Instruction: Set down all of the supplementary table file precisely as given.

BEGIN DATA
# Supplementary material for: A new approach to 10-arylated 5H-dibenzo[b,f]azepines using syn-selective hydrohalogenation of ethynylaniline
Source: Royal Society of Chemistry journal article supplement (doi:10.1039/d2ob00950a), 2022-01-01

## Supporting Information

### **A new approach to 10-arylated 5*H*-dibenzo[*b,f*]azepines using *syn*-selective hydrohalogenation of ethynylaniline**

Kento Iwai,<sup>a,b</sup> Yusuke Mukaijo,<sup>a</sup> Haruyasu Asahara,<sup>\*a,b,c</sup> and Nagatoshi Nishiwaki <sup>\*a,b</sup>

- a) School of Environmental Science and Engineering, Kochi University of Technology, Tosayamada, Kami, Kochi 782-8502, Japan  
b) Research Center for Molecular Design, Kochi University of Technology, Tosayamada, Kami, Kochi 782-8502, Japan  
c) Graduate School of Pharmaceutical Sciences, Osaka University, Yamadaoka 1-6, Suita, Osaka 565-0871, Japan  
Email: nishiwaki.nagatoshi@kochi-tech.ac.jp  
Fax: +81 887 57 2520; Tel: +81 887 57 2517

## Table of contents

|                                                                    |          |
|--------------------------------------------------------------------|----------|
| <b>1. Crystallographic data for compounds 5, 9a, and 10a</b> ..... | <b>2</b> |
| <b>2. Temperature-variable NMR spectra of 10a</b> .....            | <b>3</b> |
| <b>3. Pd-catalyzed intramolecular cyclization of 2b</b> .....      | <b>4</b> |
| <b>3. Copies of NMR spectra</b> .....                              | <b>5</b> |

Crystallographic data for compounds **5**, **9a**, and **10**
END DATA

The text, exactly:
# Supplementary material for: A new approach to 10-arylated 5H-dibenzo[b,f]azepines using syn-selective hydrohalogenation of ethynylaniline
Source: Royal Society of Chemistry journal article supplement (doi:10.1039/d2ob00950a), 2022-01-01

## Supporting Information

### **A new approach to 10-arylated 5*H*-dibenzo[*b,f*]azepines using *syn*-selective hydrohalogenation of ethynylaniline**

Kento Iwai,<sup>a,b</sup> Yusuke Mukaijo,<sup>a</sup> Haruyasu Asahara,<sup>\*a,b,c</sup> and Nagatoshi Nishiwaki <sup>\*a,b</sup>

- a) School of Environmental Science and Engineering, Kochi University of Technology, Tosayamada, Kami, Kochi 782-8502, Japan  
b) Research Center for Molecular Design, Kochi University of Technology, Tosayamada, Kami, Kochi 782-8502, Japan  
c) Graduate School of Pharmaceutical Sciences, Osaka University, Yamadaoka 1-6, Suita, Osaka 565-0871, Japan  
Email: nishiwaki.nagatoshi@kochi-tech.ac.jp  
Fax: +81 887 57 2520; Tel: +81 887 57 2517

## Table of contents

|                                                                    |          |
|--------------------------------------------------------------------|----------|
| <b>1. Crystallographic data for compounds 5, 9a, and 10a</b> ..... | <b>2</b> |
| <b>2. Temperature-variable NMR spectra of 10a</b> .....            | <b>3</b> |
| <b>3. Pd-catalyzed intramolecular cyclization of 2b</b> .....      | <b>4</b> |
| <b>3. Copies of NMR spectra</b> .....                              | <b>5</b> |

Crystallographic data for compounds **5**, **9a**, and **10**